As we went for our walk with the Lord through the park and the heart of downtown Malone last night, I was really struck by something.  In the Gospel, we heard about two disciples on the road who could see anything but Jesus (despite how very, very close he'd come) and because of this, they nearly lost their way.  As I carried the Blessed Sacrament in procession, I couldn't see anything but Jesus (with the monstrance only inches from my nose) and because of this, had to trust completely that he was the Way.  Isn't this what it's all about: letting Jesus be our only guide?

   Forty Hours: Votive Mass of the Most Holy Eucharist   

Readings - Rev 1:5-8 / Ps 34:2-11 / 1 Cor 10:16-17 / Lk 24:13-35 

40 Hours.
The first time I heard anything about it
I was a “tween,“ as they say these days.
It was in this little black prayer book,
which was my mother’s during her childhood before it was mine.
(I’m so glad my mother 
was able to join us tonight.)
“Devotion of the Forty Hours,” it says
at the head of a few pages of prayers.
But I had no idea 
what happened during those 40 hours—
or why 40.

The next time I heard something about 40 Hours
was during my time in the seminary and first years as a priest.
My elder brothers in the priesthood
would speak nostalgically of the good ol’ days
when many priests would come together from far and wide
to take part in 40 Hours.
But the stories they shared
often had very little to do with anything that happened in church,
and much more to do with the card playing and carousing
that took place over in the rectory.
I’m so pleased that a number of my brother priests—
some of them with faces very familiar to you—
have joined us here tonight.
Welcome!  You honor us with your presence.
You should know that we did enjoy
a nice meal together earlier this evening…
…but I can assure there wasn’t too much carousing!

But the one who finally gave me a fuller picture
of what 40 Hours is all about is our own Fr. Tom,
who experienced it annually while in the seminary in Philadelphia.
As we began to make plans for the Year of Faith,
it was at the top of his list to suggestions.
And so here we all are, 40 hours later.
We’re indebted to you, Fr. Tom,
for inspiring these days of prayerful renewal.

Reviving this venerable tradition—
which hasn’t taken place in Malone
or anywhere in the Diocese of Ogdensburg, 
as best we know,
for at least 30 or 40 years—
has meant dusting off and polishing up
a whole bunch of stuff 
pulled from our sacristies and attics.
The more careful observers among you 
will have noted that different monstrances 
were used over the last three days:
Sunday from St. Joseph’s, 
Monday from St. John Bosco,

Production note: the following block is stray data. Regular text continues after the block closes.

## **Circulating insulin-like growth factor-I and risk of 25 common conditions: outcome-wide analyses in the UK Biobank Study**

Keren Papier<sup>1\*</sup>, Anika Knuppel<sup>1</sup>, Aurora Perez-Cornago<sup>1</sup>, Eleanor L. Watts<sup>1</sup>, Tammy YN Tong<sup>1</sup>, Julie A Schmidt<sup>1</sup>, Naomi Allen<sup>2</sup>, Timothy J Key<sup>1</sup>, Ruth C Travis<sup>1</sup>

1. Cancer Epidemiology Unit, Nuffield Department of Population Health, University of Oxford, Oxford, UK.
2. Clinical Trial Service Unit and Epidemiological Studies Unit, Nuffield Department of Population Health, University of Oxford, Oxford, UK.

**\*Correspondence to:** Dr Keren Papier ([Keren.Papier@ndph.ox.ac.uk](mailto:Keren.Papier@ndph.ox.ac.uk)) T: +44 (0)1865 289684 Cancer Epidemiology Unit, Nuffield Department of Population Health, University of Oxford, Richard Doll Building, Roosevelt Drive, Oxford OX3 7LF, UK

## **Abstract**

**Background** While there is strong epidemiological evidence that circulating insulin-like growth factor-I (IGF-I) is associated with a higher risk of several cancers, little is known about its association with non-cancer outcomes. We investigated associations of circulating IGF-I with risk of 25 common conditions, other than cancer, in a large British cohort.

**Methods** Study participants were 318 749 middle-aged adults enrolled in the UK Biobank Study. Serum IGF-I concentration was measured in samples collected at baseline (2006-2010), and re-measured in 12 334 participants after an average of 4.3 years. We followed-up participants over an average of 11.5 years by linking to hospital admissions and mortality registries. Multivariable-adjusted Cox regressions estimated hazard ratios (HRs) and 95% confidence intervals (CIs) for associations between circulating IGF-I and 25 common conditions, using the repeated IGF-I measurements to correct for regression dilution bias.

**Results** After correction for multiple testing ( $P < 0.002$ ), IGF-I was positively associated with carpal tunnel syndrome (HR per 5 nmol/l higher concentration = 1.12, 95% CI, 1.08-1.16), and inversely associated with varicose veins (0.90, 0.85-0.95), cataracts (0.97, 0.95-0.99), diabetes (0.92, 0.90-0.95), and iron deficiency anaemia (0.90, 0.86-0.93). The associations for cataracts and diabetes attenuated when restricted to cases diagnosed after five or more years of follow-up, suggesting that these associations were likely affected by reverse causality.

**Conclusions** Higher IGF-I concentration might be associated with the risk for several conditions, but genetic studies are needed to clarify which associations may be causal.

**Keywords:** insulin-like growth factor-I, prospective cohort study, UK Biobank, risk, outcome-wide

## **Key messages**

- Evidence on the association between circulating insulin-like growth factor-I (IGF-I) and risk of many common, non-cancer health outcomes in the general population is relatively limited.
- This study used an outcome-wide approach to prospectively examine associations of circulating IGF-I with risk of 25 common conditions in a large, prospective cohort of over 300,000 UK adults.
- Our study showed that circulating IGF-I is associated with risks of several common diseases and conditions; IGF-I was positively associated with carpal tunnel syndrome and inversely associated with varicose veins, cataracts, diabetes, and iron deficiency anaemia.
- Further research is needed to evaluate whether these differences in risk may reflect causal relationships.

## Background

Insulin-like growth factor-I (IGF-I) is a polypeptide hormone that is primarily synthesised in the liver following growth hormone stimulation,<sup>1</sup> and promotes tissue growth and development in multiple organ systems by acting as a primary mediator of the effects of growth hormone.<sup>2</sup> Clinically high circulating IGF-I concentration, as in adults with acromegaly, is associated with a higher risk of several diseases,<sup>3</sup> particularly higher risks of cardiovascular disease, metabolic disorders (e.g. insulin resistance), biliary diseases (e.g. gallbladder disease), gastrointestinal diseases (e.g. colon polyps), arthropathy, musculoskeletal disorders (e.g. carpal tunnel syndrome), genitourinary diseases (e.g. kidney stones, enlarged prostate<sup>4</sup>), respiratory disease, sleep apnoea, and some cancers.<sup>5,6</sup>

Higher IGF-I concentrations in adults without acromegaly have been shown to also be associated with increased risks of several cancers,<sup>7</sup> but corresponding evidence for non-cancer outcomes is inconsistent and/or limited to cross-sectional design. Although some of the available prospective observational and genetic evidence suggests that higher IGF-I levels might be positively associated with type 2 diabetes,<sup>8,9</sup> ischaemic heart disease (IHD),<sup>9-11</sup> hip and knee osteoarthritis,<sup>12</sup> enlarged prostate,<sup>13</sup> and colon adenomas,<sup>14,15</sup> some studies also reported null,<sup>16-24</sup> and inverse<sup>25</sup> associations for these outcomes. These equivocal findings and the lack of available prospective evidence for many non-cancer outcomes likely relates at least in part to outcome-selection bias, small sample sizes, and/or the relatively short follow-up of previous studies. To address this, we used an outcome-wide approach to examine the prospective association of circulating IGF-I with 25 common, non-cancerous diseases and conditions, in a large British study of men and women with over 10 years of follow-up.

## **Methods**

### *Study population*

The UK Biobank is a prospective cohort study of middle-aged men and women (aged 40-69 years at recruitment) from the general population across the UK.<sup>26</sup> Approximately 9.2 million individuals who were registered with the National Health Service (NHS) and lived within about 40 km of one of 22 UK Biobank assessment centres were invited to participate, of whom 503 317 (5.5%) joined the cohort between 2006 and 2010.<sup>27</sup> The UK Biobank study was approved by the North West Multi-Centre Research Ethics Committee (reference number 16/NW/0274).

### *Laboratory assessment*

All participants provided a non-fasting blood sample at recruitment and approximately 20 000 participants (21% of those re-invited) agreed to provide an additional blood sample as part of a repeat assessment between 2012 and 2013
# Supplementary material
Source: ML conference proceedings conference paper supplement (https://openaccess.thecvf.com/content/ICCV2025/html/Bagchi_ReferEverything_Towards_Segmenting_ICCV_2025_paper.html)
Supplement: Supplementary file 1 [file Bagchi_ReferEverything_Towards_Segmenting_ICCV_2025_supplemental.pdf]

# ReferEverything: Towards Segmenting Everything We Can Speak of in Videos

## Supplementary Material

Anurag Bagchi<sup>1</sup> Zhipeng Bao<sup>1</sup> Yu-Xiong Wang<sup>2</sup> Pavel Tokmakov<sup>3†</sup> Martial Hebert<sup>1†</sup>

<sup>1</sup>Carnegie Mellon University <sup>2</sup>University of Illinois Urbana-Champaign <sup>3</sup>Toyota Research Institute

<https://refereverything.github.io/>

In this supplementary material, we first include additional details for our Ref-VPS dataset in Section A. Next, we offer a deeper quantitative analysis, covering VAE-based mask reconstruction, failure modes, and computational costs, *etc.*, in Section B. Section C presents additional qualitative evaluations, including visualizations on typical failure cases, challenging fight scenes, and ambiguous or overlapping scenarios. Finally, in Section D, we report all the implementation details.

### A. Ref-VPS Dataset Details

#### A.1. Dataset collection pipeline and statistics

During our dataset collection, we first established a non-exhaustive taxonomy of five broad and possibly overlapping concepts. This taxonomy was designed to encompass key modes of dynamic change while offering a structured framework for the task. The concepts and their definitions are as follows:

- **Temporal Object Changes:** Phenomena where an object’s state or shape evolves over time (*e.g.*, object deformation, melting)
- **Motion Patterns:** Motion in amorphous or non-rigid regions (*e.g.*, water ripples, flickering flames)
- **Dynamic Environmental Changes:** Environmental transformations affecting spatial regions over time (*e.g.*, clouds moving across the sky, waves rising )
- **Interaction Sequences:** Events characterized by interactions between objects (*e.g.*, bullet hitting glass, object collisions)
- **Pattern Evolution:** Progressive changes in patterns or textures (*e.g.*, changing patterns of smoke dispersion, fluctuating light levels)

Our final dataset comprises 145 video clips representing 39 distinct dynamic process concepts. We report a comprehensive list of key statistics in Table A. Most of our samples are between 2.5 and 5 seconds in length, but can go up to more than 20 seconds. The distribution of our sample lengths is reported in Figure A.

and today from St. Helen’s.
The monstrance we will use for tonight’s Procession
is from here at Notre Dame;
we have photos from 60 to 70 years ago
showing that very same vessel 
(and the same candelabras, too,)
used for Benediction 
out on the front steps of this church.
And the embroidered ombrellino
which will be held over the Blessed Sacrament
during the first steps of the Procession
has been graciously loaned to us
by St. Patrick’s Church in Hogansburg—
the “mother church” of Malone 
and of Catholic parishes all the way 
from Massena to Churubusco.

Many more than 40 hours 
have gone into the preparations
for these grace-filled days,
on the part of our staff, choirs, servers, and others;
to any and all who played a part:
our deepest thanks.

40 Hours.

For 40 hours those two disciples on the road to Emmaus
had been keeping quiet vigil over the Body of the Lord—
much as we have been in this church for three days—
40 hours being the traditional period of time Christ lay in the tomb.
And they concluded those 40 hours
by walking with the Risen Lord along the way,
by inviting him to their wayside table —
much as we are about to do.

Those two disciples spent 40 hours looking back, 
conversing about all the things that had occurred.
It had the potential to stop them in their tracks,
leaving them downcast;
instead, they found their hope restored.
We have spent these 40 hours
paging through the old books, reminiscing about the ol’ days,
dusting off the relics of years gone by
not as a lesson in history,
but because they hold promise for the future.
You see, for the Church,
Tradition isn’t about being old fashioned;
it holds the mysterious power to keep things novel and fresh—
and that’s because it comes to us from God,
who is Alpha and Omega, the beginning and the end,
ever-ancient and ever-new.

Our 40 Hours are coming to an end,
but they are really only a beginning.
May we not be like those disciples on the way to Emmaus:
slow of heart to believe,
our eyes prevented from recognizing the Lord,
alive and present here in our midst.
Have we not felt our hearts burning within us?
Instead, let us set out at once and recount
to our families, our coworkers, our friends,
all that has taken place.
Jesus Christ is made known to us once more
in the breaking of bread!